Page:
Field of Science

The Geology of Star Trek: II. It is not Life as we know or understand it!

It may surprise that there is no exact definition of what “life” is -  it is often described as a system in thermodynamic disequilibrium with it´s own environment and therefore forced to actively seek, incorporate and transform matter and energy. Part of the acquired energy and matter is used by this system to create copies of itself and so to survive it´s own death.
Some of these properties are however shared also by inorganic entities, like the order, growth or twinning of crystals, and a virus can´t grow or replicate without infecting a living cell.
"It is not life as we know or understand it!", Mister Spock in the episode „Operation Annihilate” and still from the episode The Devil in the Dark

Living bacteria were found in boreholes in 5.278 m depth, on the bottom of oceans, acid and toxic lakes, in hot springs with temperatures of 115°C and in rocks of Antarctica, thriving at -50°C.  Part of this success is explained by the molecular structure of these life forms, as carbon-based molecules are stable in a wide range of temperatures and in acid or basic solutions. 

Mister Spock is well aware of this fact:
Life as we know it, is universally based on some combination of carbon compounds.
However when the crew of the Enterprise is contacted in the episode “The Devil in the Dark” by the miners on Janus VI, supposedly attacked by an unstoppable “monster”, soon this fact is questioned. The creature can´t be tracked by the sensors of the Enterprise, nor by the tricorder and seems immune to direct hits with the phasers.
But what if life exists, based on other element. For instance silicon.
McCoy disagrees with Spock´s deduction, noting that it is a physiological impossibility, however Kirk agrees as it may improbable, but not impossible. Already in 1891 the German astrophysicist Julius Schreiner argued that silicon (Si) could replace carbon in molecules supporting complex chemical reactions and therefore a hypothetical metabolism. Three years later science-fiction author H.G. Wells speculated in an article of popular science about such life forms:
One is startled towards fantastic imaginings by such a suggestion: visions of silicon - aluminium organisms – why not silicon-aluminium men at once? – wandering through an atmosphere of gaseous sulphur, let us say, by the shores of a sea of liquid iron some thousand degrees or so above the temperature of a blast furnace.
In theory, silicon could form polymers and complex compounds together with metals or elements like boron, nitrogen, phosphorus and sulfur (in fact almost all known minerals involve silicon). Such molecules could work also in other liquids than water, liquids like liquid nitrogen, methane, ammonium, various alcohols and even acid solutions.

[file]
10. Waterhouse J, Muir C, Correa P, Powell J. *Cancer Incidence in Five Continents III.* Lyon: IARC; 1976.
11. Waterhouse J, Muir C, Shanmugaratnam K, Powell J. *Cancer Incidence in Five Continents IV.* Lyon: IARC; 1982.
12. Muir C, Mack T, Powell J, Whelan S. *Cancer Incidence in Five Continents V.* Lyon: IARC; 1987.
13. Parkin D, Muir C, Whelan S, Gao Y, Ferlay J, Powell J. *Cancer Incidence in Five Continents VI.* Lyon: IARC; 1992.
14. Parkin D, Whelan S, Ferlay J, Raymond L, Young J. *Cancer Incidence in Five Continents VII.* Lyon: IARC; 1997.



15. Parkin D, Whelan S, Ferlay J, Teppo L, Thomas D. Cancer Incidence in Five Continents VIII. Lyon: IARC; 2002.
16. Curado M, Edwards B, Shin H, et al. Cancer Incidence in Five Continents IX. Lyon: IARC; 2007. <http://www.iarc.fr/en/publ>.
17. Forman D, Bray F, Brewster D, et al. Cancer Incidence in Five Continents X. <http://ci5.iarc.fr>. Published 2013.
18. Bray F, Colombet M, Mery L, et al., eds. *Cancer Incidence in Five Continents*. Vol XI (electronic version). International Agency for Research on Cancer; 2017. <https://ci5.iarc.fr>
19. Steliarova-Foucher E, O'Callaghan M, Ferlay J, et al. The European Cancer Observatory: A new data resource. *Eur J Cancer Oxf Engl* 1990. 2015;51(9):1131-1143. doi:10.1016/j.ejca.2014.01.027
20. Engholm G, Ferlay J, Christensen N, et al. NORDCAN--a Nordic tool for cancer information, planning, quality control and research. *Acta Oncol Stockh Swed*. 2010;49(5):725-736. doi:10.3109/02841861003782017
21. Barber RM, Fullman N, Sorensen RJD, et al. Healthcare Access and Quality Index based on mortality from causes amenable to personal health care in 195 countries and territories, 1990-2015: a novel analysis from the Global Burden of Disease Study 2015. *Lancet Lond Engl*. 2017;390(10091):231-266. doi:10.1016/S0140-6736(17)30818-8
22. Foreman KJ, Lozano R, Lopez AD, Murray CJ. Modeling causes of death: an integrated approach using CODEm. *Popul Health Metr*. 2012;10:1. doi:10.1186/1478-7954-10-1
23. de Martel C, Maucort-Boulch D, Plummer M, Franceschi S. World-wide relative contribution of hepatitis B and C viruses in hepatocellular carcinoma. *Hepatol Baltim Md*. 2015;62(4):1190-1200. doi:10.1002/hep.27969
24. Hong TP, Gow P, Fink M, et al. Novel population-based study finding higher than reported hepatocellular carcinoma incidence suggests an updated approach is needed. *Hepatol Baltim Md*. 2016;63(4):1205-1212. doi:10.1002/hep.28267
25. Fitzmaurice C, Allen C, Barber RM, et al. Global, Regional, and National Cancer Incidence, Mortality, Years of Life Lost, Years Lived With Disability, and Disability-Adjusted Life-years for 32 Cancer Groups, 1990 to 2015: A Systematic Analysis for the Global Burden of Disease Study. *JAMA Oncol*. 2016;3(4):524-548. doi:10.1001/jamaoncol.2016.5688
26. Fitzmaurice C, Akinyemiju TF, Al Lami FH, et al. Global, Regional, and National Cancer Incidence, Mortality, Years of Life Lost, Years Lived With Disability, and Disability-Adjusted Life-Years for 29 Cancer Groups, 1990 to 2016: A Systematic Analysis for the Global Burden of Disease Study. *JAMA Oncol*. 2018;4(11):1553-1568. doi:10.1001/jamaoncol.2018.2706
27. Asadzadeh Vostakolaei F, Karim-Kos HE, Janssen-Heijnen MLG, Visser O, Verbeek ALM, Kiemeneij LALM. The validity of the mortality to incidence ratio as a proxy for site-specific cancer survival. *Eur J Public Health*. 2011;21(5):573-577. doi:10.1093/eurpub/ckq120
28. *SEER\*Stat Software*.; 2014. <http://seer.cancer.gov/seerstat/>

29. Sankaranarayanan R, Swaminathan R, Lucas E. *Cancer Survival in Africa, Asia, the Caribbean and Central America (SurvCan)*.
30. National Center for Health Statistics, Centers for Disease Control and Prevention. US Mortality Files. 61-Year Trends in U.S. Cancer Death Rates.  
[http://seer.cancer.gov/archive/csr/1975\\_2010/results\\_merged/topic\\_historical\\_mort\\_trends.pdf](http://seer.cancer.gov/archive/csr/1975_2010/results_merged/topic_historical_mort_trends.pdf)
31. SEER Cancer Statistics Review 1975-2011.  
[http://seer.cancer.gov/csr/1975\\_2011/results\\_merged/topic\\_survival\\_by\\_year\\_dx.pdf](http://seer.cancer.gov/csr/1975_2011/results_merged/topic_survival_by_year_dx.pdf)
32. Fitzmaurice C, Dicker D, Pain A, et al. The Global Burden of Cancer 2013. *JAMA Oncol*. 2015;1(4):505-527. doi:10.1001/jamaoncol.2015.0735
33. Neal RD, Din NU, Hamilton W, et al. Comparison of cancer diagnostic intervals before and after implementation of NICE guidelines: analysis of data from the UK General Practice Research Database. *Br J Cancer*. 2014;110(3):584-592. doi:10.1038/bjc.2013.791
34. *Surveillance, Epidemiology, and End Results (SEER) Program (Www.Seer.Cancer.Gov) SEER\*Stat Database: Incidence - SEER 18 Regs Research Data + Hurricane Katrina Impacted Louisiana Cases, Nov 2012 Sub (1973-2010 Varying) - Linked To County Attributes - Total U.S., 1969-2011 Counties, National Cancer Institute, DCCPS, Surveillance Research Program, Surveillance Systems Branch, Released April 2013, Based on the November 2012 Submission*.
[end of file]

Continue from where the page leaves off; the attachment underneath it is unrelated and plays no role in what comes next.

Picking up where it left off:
The Horta, as the mysterious native life form of Janus VI refers to itself, defends itself and digs tunnels in solid rock using a strong acid. It´s curious to note that certain acids, like sulfuric and hydrocyanic acid could act as solutions for an extraterrestrial metabolism.
However silicon as replacement to carbon has also it´s disadvantages. Complex silicon compounds are unstable and ineffective under terrestrial conditions. McCoy notes this, claiming that silicon life would not survive in the artificial (?) human environment created on Janus VI. But as it seems the creature called Horta comes from within the planet, where may suitable conditions exist. Silicon life forms may could exist in oxygen-free or poor  (as oxygen would oxides the silicon molecules), dry and very cold environments.  Such for humans highly prohibitive conditions would also reduce the metabolism and reproduction rate of this hypothetical life form, may we would not even realize that it is alive. In the Star Trek episode the Horta is the last of it´s kind, only the eggs – appearing to us like inanimate silicon-concretions - survive, however needing thousands of years to develop and be finally ready to hatch.
One of the great strengths of Star Trek was to pose both ethic as intriguing scientific questions, may some will be answered by future generations, when they one day may really encounter life, but not as we know it ... I find that a fascinating vision for the future!
FOURESTIER, J. de (2005): The Mineralogy of Star Trek. Axis, Vol.1(3): 1 - 24
PICKOVER, C.A.(1999): The Science Of Aliens. Basic Books: 240
SHOSTAK, B. (2012): Life in the Universe. Addison-Wesley Publisher: 544
SCHULZ-MAKUCH, D. & IRWIN, L.N. (2006): The prospect of alien life in exotic forms on other worlds. Naturwissenschaften. Vol.93: 155-172

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